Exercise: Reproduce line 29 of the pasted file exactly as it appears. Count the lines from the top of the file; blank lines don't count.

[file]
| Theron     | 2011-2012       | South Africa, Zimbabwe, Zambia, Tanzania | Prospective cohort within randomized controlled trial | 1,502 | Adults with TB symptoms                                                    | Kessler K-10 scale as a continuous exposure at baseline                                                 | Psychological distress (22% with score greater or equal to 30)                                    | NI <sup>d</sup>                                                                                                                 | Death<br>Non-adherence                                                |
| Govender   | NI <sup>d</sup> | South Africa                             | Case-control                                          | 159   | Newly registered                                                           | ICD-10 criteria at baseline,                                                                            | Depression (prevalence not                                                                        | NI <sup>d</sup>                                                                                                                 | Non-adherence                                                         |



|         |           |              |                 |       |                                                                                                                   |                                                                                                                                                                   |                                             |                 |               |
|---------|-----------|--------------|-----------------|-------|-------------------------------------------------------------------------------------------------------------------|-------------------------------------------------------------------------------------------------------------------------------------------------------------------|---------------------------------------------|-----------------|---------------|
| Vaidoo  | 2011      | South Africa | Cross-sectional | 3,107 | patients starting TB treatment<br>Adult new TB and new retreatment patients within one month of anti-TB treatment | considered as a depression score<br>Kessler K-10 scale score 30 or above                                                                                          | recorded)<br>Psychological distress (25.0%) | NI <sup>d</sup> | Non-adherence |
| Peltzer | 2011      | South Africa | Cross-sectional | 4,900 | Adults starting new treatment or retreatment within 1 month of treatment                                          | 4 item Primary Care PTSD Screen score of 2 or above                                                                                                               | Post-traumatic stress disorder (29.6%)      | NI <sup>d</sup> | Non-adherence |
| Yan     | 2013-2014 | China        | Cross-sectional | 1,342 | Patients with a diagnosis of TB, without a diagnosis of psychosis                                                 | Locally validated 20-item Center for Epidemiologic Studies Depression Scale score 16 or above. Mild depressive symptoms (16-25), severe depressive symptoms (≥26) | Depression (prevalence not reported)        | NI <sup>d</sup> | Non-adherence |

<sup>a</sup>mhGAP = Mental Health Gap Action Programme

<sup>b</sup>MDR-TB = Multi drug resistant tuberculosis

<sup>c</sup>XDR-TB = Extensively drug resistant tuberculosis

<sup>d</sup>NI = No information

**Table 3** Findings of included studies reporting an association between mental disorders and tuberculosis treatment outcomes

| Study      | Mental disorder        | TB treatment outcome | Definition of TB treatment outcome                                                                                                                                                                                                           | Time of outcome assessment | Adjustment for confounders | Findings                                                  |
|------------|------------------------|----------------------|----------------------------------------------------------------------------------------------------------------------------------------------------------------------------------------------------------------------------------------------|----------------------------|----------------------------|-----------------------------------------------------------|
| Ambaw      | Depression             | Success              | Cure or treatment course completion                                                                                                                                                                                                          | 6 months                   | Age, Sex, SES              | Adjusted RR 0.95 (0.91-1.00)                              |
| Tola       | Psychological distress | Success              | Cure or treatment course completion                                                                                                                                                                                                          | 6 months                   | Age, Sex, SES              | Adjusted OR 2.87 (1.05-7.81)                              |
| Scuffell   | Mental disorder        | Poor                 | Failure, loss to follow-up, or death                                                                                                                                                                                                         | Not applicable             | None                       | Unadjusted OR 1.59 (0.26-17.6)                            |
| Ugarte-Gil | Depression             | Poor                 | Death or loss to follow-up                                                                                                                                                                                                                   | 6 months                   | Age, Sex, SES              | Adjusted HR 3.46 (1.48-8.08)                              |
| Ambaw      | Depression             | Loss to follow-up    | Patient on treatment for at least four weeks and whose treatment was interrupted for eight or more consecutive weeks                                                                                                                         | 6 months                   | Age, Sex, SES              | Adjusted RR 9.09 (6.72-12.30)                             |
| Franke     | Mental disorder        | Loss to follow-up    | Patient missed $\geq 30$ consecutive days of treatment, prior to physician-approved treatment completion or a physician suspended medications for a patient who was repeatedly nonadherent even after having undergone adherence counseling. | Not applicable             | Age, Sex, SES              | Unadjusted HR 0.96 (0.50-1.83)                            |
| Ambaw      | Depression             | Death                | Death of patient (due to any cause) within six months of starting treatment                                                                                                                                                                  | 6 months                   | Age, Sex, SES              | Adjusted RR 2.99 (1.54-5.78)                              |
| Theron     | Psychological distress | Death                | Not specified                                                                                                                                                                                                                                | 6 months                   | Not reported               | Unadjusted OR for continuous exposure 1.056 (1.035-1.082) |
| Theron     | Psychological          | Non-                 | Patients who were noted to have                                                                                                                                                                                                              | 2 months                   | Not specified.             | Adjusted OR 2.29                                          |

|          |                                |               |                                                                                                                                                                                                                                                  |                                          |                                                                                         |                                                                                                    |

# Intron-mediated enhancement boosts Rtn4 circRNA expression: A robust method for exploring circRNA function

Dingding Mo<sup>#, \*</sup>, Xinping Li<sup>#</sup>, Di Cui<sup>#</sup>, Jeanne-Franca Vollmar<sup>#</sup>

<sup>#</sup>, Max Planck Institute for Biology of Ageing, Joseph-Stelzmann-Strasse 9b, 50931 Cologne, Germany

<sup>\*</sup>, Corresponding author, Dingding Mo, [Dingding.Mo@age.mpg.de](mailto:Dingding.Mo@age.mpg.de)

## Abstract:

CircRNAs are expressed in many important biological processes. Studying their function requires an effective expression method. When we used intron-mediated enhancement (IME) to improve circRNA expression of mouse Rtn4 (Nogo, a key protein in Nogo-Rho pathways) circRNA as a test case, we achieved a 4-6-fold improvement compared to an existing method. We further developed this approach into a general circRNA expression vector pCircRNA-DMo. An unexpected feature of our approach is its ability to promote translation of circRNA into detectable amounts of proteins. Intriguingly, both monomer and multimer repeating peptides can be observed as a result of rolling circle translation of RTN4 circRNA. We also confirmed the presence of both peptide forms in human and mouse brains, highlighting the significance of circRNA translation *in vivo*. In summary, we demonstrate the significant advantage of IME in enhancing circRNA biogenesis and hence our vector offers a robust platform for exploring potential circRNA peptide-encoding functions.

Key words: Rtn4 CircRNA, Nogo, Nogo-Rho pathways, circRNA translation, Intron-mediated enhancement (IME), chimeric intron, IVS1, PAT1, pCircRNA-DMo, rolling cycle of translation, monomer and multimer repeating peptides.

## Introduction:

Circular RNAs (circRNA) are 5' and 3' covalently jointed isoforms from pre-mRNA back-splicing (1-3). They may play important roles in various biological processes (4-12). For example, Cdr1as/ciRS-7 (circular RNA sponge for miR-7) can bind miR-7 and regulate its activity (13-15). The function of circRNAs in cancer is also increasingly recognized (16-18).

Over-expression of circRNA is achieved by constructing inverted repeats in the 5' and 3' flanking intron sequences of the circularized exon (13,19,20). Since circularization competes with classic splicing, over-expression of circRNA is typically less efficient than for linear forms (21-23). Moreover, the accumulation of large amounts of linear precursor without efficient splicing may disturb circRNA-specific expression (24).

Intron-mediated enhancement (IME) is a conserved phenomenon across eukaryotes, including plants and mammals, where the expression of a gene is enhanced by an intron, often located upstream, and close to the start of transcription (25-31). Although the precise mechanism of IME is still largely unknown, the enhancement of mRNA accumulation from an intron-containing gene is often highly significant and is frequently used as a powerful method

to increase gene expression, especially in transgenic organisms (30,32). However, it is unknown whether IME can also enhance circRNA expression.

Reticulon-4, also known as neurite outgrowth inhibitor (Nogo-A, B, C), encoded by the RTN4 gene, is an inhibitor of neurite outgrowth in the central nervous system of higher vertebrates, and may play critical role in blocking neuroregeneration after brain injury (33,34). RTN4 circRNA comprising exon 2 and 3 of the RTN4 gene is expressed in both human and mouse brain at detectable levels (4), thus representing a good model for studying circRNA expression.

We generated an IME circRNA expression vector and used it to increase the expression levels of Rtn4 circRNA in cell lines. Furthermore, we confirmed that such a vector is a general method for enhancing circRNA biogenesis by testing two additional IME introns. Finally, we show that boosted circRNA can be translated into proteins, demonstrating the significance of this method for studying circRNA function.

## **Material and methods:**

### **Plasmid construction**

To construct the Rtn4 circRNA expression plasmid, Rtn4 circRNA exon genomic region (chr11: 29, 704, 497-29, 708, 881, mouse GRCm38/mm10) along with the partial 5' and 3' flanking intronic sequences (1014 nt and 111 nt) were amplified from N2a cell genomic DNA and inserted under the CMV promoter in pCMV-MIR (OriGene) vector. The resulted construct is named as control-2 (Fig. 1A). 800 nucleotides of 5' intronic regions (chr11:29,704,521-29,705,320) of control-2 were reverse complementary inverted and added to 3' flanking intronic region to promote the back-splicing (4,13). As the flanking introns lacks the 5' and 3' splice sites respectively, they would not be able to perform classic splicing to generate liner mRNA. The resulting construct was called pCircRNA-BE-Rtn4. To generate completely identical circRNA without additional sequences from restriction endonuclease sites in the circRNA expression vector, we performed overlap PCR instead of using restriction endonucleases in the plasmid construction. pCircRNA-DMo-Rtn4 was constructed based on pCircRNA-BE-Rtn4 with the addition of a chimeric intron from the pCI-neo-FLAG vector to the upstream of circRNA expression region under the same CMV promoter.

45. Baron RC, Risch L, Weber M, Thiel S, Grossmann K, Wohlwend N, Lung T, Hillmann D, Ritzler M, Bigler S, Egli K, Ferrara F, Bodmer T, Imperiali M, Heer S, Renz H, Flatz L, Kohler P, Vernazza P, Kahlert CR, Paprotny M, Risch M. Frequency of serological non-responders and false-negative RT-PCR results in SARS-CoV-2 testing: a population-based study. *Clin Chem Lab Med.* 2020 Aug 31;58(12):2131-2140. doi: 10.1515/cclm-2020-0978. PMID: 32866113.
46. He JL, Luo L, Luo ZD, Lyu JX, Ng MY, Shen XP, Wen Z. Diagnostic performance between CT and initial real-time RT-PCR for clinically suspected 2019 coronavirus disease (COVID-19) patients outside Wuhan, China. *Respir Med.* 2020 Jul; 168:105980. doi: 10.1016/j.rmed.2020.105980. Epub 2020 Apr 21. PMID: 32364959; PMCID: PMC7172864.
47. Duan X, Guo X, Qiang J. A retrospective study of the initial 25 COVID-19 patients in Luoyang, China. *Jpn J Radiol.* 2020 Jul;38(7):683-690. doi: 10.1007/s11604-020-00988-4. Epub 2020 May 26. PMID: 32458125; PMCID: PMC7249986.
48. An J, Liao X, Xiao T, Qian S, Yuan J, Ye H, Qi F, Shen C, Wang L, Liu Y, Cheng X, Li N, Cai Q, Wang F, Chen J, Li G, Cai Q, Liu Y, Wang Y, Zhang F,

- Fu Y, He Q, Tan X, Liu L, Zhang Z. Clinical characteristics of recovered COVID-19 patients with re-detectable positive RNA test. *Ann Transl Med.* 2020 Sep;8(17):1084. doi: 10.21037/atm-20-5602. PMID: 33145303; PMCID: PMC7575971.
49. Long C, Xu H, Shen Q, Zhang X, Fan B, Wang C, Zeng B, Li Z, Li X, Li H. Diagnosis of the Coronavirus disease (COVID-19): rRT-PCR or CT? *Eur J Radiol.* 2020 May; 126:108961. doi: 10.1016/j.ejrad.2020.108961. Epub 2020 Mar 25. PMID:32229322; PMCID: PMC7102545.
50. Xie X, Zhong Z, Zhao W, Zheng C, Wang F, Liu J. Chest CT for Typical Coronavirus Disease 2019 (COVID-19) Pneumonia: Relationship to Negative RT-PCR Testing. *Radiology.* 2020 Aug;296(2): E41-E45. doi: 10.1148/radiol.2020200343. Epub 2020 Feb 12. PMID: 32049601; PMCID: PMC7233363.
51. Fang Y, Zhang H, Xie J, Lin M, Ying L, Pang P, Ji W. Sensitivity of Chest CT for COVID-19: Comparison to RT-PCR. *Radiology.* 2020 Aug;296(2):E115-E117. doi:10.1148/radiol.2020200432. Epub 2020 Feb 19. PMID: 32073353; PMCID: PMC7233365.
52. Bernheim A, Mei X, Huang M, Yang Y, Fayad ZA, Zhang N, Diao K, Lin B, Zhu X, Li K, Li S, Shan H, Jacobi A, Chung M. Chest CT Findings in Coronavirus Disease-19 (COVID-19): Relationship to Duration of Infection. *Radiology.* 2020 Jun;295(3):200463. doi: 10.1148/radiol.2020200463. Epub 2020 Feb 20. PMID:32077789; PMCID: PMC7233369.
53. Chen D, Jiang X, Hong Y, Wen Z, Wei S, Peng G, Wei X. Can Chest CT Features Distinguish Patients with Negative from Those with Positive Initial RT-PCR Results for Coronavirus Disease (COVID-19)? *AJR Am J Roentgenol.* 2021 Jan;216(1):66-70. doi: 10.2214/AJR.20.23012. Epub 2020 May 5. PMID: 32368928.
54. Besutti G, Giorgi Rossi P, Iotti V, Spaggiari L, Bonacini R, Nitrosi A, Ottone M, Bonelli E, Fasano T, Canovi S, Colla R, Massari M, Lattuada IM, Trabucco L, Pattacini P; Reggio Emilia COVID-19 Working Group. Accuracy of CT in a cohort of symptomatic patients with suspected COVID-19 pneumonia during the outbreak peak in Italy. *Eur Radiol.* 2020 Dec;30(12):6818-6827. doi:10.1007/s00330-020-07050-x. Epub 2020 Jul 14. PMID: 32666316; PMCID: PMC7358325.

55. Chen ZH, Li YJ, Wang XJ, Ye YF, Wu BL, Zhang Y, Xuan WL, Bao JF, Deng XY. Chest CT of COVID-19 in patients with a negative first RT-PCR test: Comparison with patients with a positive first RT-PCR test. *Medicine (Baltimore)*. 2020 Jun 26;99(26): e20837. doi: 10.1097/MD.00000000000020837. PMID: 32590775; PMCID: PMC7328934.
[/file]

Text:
## Abstract: